Did you get it from someone who has been to the school in question, or whose kids were sent there, and who had a terrible experience? Or better yet, did you get it from several people, all of whom went to the same place and had terrible experiences? And was the experience they told you about systemic, something that’s likely to happen again, because the people in charge chose to let it happen as a feature and not a bug? That’s a very good reason to steer clear of that school and try something else. Those people don’t have the whole story of every single thing that happens at the school. Nobody does. But they do have concrete experience of the school themselves and know exactly what you might encounter. That’s a fantastic place to get your information.

Did you get your warning not to try the public school from a political shock jock on a podcast? That’s a bad place to get your information. Those people don’t go to the school. They probably don’t live in your community at all. And their whole job is to make perfectly normal things we all encounter seem scary and offensive, so that you’ll tune in again next time to get another dose of outrage. People whose job it is to sell outrage, should not be the ones helping you make decisions about how to educate your children.

Did you get your information from a priest in a sermon? That’s also a bad place to get your information, much of the time. Not always. But, at least in the Latin rite, priests don’t have kids. They’re not going to have a lot of firsthand experience about schooling. They’re going to have theories about schooling, and those theories are going to be untested. Now, maybe your particular priest has been at the parish with the Catholic school right there for years and years, he knows all the teachers, and he can give you very good advice about whether the school is right for your children or not. Maybe he himself is a teacher. Maybe he knows about a great homeschooling co-op.  But in general, I’d say that’s not a good source.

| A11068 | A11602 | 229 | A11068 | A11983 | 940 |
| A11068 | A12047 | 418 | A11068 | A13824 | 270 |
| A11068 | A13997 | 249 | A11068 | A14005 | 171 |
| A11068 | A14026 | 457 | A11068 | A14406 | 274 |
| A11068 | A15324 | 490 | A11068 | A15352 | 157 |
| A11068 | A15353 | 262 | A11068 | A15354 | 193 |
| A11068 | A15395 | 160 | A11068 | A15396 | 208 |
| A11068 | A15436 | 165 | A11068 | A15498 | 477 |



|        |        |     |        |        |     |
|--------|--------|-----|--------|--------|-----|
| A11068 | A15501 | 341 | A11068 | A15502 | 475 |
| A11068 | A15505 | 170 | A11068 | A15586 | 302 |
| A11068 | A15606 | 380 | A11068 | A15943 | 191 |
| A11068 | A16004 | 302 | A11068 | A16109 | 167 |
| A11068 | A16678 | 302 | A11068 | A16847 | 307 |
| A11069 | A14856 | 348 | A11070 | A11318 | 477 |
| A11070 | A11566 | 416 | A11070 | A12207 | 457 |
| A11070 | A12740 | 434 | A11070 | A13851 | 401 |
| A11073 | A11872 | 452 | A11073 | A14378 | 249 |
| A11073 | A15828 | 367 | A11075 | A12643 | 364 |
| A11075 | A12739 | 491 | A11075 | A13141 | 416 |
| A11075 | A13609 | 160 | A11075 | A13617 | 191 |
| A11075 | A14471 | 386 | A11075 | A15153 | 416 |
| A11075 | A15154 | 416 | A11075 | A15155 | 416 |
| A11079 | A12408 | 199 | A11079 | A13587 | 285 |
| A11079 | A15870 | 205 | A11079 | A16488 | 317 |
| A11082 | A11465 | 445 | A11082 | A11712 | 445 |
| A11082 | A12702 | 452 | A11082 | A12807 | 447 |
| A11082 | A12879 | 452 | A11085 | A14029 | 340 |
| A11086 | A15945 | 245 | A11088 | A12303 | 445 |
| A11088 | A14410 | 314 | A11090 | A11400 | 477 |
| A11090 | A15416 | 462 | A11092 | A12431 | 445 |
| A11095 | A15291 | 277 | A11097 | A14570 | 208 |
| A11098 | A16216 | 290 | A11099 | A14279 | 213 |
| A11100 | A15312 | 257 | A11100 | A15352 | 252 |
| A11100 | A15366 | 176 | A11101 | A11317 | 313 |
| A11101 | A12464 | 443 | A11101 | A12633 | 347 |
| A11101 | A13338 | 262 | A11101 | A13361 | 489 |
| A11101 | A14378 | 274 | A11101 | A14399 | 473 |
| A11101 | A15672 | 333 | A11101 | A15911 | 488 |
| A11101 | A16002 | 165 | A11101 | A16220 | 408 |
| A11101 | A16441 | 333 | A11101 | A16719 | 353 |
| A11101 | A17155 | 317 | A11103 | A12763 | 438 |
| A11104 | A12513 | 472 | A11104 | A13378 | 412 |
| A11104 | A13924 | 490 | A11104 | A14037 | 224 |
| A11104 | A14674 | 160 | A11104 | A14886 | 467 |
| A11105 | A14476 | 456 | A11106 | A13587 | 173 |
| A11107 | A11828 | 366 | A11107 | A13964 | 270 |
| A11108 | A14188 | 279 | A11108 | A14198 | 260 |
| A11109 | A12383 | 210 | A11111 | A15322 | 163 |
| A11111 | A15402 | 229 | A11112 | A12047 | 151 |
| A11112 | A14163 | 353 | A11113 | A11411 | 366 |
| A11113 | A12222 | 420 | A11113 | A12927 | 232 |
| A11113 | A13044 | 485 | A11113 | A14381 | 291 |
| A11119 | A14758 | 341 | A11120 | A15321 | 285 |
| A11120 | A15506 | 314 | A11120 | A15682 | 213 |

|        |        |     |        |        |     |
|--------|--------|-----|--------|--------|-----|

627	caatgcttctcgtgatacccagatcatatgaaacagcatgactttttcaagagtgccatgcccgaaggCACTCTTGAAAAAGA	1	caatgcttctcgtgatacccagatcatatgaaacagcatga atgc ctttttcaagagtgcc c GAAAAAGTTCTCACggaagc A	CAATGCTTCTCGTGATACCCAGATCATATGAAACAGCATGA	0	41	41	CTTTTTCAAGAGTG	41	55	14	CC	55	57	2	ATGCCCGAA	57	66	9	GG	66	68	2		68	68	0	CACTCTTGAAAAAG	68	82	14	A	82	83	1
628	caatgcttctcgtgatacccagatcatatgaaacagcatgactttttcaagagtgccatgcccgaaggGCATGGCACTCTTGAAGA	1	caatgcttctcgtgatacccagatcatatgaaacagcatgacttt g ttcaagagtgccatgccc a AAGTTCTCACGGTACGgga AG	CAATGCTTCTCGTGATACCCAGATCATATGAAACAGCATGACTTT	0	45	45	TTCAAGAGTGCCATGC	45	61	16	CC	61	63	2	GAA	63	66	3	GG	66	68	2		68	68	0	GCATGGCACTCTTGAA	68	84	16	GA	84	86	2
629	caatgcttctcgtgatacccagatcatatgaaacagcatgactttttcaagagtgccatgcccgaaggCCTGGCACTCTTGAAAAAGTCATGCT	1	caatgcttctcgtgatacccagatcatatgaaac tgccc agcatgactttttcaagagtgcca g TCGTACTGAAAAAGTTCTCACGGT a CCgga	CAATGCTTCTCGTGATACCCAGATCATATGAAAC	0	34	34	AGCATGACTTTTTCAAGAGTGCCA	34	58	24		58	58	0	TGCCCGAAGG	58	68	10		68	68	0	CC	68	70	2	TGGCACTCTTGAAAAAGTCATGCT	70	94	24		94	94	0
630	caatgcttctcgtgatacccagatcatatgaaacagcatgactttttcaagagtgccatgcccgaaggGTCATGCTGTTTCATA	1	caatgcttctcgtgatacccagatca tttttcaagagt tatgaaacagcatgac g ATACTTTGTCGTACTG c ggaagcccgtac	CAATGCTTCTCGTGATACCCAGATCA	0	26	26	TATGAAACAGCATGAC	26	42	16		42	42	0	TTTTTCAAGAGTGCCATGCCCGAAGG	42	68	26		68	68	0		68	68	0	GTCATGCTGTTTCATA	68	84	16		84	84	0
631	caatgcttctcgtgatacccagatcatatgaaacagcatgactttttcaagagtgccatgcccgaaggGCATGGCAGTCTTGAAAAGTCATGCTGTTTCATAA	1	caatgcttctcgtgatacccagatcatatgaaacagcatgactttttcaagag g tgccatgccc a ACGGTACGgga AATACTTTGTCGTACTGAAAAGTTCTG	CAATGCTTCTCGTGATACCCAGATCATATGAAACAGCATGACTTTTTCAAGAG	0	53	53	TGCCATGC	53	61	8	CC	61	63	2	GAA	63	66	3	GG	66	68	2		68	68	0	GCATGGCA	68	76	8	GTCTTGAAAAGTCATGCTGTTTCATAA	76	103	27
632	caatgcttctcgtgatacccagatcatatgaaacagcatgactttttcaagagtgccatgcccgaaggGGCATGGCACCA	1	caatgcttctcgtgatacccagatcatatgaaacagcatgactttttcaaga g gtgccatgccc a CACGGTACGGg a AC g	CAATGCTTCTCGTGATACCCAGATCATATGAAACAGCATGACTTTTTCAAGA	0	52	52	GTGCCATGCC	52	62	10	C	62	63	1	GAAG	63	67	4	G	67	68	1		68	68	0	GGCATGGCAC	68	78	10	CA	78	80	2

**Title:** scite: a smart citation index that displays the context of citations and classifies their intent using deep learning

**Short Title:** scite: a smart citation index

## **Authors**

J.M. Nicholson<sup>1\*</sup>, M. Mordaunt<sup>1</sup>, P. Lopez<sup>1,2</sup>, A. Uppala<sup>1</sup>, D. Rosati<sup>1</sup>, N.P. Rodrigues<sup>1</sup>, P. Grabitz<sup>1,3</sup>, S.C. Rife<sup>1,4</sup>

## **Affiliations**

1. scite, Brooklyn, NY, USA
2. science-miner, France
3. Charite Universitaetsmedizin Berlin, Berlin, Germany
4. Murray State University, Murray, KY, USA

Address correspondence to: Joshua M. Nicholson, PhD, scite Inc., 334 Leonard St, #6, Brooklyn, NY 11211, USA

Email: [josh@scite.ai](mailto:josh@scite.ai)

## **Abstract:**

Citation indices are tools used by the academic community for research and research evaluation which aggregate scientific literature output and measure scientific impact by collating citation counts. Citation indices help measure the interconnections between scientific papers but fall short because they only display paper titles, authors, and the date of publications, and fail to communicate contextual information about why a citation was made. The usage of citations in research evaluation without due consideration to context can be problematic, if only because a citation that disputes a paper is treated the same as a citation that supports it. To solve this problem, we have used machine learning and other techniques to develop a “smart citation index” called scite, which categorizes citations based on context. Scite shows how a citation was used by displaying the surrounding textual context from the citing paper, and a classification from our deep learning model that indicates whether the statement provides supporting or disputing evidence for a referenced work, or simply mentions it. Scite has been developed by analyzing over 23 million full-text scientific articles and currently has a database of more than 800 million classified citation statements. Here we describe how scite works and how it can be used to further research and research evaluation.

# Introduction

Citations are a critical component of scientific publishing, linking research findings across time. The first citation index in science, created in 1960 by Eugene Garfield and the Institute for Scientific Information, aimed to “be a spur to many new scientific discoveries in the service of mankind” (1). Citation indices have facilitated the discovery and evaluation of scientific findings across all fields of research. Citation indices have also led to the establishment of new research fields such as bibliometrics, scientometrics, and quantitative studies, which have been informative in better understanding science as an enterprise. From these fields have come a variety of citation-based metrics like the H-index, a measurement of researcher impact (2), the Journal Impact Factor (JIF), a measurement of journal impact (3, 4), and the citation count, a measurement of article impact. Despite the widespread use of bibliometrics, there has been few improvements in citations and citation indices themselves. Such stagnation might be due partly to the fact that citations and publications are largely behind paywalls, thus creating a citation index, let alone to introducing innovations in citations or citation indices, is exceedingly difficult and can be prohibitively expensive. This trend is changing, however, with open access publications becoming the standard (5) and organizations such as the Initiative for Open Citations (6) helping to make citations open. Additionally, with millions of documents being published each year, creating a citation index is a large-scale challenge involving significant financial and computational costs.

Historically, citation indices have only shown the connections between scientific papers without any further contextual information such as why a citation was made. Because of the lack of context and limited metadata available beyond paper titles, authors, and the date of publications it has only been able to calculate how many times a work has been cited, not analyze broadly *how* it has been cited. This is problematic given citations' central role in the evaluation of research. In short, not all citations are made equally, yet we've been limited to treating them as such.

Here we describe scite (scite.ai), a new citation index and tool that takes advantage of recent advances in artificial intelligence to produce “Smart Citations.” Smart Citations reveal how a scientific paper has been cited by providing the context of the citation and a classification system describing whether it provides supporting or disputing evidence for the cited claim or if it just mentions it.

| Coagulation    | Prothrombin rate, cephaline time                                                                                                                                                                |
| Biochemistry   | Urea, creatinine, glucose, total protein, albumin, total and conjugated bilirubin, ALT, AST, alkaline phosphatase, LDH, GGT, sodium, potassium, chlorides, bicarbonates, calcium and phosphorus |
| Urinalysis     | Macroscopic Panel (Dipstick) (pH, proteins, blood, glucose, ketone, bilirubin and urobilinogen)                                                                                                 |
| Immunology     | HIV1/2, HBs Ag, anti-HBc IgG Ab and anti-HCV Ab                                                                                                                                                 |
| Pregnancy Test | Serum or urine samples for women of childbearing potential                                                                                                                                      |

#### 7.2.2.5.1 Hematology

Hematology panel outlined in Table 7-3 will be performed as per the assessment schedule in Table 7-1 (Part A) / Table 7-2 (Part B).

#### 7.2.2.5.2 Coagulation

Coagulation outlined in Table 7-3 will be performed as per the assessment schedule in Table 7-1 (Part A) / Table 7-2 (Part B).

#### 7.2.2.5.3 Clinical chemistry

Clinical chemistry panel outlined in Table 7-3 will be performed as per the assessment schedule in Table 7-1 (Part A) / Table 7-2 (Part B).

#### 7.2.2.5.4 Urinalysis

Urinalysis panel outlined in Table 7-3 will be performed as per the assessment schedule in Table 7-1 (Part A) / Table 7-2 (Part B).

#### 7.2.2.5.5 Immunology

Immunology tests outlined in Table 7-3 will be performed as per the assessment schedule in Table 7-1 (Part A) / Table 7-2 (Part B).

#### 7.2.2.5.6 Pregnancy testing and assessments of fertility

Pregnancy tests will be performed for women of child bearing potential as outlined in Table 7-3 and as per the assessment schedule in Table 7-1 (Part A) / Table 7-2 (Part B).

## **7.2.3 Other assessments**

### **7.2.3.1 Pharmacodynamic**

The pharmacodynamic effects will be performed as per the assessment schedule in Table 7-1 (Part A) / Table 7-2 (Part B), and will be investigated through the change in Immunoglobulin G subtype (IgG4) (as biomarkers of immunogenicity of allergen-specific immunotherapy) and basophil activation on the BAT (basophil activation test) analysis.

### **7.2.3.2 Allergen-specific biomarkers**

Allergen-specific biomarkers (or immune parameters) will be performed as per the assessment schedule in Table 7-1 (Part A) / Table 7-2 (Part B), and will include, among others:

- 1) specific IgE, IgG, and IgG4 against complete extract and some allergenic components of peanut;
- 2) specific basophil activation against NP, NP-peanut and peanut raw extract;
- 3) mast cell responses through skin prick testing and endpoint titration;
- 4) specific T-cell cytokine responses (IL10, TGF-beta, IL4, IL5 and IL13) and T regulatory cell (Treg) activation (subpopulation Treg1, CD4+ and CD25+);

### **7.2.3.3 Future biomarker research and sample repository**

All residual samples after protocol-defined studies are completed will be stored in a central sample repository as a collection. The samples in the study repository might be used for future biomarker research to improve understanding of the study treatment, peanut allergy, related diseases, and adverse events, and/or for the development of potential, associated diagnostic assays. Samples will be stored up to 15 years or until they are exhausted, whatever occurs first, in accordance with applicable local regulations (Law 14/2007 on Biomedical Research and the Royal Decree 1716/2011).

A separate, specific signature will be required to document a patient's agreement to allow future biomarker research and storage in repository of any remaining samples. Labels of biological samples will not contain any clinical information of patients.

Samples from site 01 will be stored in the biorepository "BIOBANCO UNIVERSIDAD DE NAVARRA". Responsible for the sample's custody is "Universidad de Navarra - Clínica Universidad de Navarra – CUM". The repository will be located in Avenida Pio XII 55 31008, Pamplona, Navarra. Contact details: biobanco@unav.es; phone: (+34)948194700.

Did you get your information from another family at the parish or the Couple to Couple League picnic, who has never sent the kids to that school in question, but have done something else from the beginning? That is, in my experience, also a bad source. Parents desperately want what’s best for their children. If we’ve committed to a certain course of action, we can start insulating ourselves from criticism by forming a particularly dark opinion about other choice. That’s natural. You’ll have to look somewhere else.

Did you get your information from a book? Was the book written in this century or this decade, about the region you’re in, about the kind of culture you live in, by somebody from that culture who knew it really well? Depending on your answer, that can be a good or a bad source of information.

As for me, I had been told my entire life, by people who never interacted with public schools, that public schools were horrible, and I’ve found that none of the information I was given was true.

I was told they don’t produce educated children and just drill them to pass state standardized tests. But at least in this case, that’s not true. Your mileage may vary. At this school, the teachers at the local public middle school are conscientious people, they know what they’re teaching, and my kid is learning a whole lot. She’s got the opportunity to take courses that I’d never have thought to include in a homeschooling unit study, like aerospace technology and computer programming. But the school is also not neglecting the Three R’s, and she’s making huge progress in those subjects as well.